Meaning of 'dik'

Discussions on the Cantonese language.
hong

Postby hong » Sat Jun 04, 2005 12:10 pm


hong

Postby hong » Sat Jun 04, 2005 12:12 pm


hong

Postby hong » Wed Jun 08, 2005 4:48 am


hong

Postby hong » Wed Jun 08, 2005 9:13 am

www.cp1897.com.hk selling 陳伯輝 粵方言詞本字考釋 香港中華書局 1998

Guest

Postby Guest » Fri Jun 10, 2005 1:55 am

Mark Yong wrote:
j wrote:In spoken Cantonese, we usually say "k'ui gare" 佢o既 rather than "k'ui dik" 佢的. e.g. "k'ui gare mei siu" 佢o既微笑 (same pronounciation for his smile or her smile). While in writing (Chinese), we usually write as 他的微笑 or 她的微笑 (different writing for his and her), and pronounce in Cantonese as "ta dik mei siu" (same pronunciation for his smile or her smile).


Hi, J,

Yep, understood! I am aware that 'dik' 的 is not used in Cantonese speech, and 'ge' o既 is used. The reason I do not normally use o既 to represent 'ge' is because of my contention that 'ge' either has some other actual Chinese character to represent it, or that it is a purely spoken word with no 本字. "既" by itself is pronounced "gei", and means "since this is the case...". I do try to be a bit strict when assigning 漢字 to words. :D

As an aside, I also tend to shy away from using 佢 for "k'ui" (he/she/it). The reason is because my belief is that this character was phonetically 'created' to suit the pronunciation, and is historically not the actual 本字. My theory is that "k'ui" evolved from 其, which was used in 文言 (Classical Chinese) for the 3rd person. Taking it a step further, I believe that "ngor dei" (we) should not be popularly written as 我地, but is really 我等 (where 等 takes on the original meaning of "plural", e.g. 等等). Another example is "ka ha" (now) - a fusion of 今下 (this one can be proven, as it is genetically linked to the Hakka "kin ha").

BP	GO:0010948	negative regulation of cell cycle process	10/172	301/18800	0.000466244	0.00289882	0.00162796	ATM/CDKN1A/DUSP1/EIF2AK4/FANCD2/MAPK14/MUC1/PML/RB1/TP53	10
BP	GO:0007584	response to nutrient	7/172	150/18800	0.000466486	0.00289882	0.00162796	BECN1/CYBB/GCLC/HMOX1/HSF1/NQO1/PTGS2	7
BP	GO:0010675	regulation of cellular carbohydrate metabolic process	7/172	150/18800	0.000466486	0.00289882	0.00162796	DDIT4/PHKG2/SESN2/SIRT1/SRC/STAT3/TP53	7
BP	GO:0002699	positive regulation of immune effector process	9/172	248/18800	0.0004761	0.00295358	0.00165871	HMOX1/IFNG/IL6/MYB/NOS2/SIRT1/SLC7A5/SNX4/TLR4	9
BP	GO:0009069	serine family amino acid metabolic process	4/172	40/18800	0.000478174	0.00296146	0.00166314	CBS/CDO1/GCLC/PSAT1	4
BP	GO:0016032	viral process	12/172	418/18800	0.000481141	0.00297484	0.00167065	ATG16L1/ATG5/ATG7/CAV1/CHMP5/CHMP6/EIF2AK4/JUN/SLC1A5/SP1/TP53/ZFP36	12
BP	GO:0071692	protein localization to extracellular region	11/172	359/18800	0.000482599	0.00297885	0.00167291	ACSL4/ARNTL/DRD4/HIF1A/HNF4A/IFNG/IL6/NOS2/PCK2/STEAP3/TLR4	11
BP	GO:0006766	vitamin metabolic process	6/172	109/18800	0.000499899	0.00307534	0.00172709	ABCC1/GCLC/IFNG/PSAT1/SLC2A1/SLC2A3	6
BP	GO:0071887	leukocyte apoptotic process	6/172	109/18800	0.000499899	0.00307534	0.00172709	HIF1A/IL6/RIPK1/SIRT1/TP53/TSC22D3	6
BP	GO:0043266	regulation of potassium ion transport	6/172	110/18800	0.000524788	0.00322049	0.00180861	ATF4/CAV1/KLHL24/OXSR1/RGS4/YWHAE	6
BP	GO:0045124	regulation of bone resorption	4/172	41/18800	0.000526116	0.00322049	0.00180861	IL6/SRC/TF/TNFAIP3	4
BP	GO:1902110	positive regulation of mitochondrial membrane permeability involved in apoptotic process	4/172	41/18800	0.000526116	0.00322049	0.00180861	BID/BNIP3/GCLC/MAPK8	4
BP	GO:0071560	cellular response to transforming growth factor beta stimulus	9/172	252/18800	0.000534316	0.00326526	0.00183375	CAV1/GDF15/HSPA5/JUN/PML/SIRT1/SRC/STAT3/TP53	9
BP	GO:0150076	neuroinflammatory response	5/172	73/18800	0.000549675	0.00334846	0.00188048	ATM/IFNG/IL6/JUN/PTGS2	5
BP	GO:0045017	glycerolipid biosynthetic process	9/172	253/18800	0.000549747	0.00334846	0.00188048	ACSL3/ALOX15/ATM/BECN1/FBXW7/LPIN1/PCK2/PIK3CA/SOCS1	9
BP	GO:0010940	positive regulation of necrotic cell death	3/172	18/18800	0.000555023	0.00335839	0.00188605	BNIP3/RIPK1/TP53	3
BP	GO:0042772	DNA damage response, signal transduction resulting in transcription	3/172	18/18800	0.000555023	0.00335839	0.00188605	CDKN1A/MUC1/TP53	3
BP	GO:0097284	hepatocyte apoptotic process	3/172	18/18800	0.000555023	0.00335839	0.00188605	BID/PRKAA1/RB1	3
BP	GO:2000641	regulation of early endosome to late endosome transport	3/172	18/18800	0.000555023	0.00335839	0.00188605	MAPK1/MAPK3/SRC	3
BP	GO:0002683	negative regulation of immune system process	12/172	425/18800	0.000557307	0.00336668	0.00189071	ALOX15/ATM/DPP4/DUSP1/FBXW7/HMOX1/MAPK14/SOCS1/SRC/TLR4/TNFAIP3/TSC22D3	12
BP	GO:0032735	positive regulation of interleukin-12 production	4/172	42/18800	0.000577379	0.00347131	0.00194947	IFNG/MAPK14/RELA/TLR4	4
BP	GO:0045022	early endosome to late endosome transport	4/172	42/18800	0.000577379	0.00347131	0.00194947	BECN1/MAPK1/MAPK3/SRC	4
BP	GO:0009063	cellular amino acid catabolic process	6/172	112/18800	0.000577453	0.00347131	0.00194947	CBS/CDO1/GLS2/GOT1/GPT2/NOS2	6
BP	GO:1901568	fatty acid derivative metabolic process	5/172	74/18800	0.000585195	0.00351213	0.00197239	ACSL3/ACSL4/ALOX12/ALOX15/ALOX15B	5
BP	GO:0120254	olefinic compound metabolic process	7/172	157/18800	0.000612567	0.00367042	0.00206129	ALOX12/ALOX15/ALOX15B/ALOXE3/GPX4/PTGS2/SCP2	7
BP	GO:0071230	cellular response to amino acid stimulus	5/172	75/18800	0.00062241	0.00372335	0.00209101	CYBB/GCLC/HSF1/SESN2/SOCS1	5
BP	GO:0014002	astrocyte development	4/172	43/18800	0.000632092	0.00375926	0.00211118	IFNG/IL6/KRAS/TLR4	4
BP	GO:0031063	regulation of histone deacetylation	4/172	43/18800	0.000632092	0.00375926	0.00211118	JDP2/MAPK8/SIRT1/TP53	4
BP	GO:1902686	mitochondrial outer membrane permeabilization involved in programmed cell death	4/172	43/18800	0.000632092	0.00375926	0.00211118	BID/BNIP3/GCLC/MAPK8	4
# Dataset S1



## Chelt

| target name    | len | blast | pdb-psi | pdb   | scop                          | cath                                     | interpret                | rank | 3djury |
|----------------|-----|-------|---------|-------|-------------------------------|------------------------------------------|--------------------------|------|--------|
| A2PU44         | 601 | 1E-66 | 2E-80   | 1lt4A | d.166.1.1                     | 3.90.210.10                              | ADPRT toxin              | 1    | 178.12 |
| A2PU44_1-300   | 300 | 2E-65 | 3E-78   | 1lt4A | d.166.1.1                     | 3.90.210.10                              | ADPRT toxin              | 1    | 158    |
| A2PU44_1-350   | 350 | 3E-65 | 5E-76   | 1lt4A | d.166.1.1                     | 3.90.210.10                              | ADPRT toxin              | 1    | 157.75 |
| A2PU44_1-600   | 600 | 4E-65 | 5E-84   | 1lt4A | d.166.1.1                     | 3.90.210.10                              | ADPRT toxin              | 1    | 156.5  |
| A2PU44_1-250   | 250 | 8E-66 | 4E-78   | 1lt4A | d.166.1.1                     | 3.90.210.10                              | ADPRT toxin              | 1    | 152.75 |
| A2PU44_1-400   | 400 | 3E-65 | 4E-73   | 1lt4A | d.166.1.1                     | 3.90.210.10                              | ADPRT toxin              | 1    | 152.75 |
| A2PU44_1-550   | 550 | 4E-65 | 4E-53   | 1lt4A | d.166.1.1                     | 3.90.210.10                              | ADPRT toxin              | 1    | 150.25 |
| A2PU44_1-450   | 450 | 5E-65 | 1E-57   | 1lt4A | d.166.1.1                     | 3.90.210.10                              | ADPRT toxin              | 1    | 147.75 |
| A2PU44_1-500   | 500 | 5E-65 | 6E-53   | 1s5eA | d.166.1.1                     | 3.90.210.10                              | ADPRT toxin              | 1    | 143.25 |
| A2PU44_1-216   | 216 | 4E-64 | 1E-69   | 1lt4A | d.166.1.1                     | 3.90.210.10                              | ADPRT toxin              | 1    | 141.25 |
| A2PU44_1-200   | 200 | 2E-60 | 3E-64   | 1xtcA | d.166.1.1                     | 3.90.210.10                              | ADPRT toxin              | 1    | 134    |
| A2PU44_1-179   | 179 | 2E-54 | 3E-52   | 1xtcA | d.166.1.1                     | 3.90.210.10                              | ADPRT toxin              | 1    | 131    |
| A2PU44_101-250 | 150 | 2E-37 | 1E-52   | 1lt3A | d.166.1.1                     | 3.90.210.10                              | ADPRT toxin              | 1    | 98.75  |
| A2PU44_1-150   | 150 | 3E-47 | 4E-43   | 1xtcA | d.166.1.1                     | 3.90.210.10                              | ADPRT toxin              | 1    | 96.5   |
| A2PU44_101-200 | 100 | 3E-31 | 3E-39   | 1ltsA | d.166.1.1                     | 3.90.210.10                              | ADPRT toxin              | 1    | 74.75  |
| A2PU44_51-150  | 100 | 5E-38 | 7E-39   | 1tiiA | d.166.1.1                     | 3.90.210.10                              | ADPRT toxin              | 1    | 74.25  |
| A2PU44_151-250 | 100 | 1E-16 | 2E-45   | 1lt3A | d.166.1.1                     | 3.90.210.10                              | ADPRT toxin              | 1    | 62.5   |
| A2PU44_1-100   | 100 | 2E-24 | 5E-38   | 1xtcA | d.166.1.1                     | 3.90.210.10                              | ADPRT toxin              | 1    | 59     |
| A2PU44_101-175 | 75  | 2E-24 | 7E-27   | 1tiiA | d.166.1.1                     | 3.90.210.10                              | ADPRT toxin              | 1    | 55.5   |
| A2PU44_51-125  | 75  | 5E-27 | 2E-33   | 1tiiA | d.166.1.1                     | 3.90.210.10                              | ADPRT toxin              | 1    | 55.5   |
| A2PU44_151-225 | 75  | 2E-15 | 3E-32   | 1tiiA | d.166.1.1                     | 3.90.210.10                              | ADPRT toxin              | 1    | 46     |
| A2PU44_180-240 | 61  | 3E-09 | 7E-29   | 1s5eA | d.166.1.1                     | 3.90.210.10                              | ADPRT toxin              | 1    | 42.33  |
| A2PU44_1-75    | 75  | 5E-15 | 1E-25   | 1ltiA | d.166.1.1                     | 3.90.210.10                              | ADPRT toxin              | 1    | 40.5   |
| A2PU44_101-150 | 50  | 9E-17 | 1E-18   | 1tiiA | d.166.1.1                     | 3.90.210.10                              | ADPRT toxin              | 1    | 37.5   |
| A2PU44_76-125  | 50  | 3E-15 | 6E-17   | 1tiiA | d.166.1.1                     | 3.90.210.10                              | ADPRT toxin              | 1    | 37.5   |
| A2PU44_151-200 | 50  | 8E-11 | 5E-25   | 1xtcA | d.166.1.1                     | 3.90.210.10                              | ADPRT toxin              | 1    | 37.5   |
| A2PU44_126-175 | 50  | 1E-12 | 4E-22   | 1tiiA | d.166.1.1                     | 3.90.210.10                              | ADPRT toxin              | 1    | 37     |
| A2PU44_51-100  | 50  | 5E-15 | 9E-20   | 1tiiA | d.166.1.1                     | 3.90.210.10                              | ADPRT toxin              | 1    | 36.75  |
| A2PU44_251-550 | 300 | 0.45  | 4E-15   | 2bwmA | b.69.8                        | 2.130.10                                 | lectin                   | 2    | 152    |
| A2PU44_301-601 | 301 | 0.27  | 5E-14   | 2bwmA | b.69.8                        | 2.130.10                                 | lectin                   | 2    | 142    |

Regards,
Mark


The character mentioned here was (ge) - possessive particle - the formal Chinese version of . I had soo-oo much trouble finding a decent or at least working software, which I could use to enter Cantonese text phonetically (based on Cantonese pronunciation) and knows Cantonese special characters. The one I am using now is Red Dragonfly input (works on Windows XP, not on NT!). What input do you guys use?

I have another question. Could you tell me if you what version is actually used in Hong Kong press?

Is "他的" more common than "佢嘅"? If the first one is proper for the use in press, what's the use of the second one - movies, fiction, etc? Am I correct in assuming that language used in press (at least offical) is the same as in mainland China but using traditional characters rather than simplified?

For example if a foreigner wants to move to Hong Kong, should he be concentrating on formal Chinese language in order to be able to understand newspapers or he/she should learn Cantonese colloquialisms first?

Is written Cantonese in mainland China similar to that one in Hong Kong/Macao (with special characters)? Does it exist at all or they used simplified Mandarin in Guangdong?

Anatoli
Posts: 25
Joined: Thu Feb 03, 2005 3:53 pm

他的 vs 佢嘅

Postby Anatoli » Fri Jun 10, 2005 1:58 am

The previous post was mine, didn't realise I wasn't logged on.

I'm following this topic, please post your thoughts.

Anatoli
我是俄国人,可是我住在澳大利亚

hong

Postby hong » Fri Jun 10, 2005 9:00 am


nappan
Posts: 3
Joined: Tue Jul 14, 2009 5:55 pm

Re: Meaning of 'dik'

Postby nappan » Tue Jul 14, 2009 5:58 pm

Without the actual characters, it is difficult for me to do an accurate translation, but in general, the "dik" here still functions as a possessive particle - in the contexts you have listed


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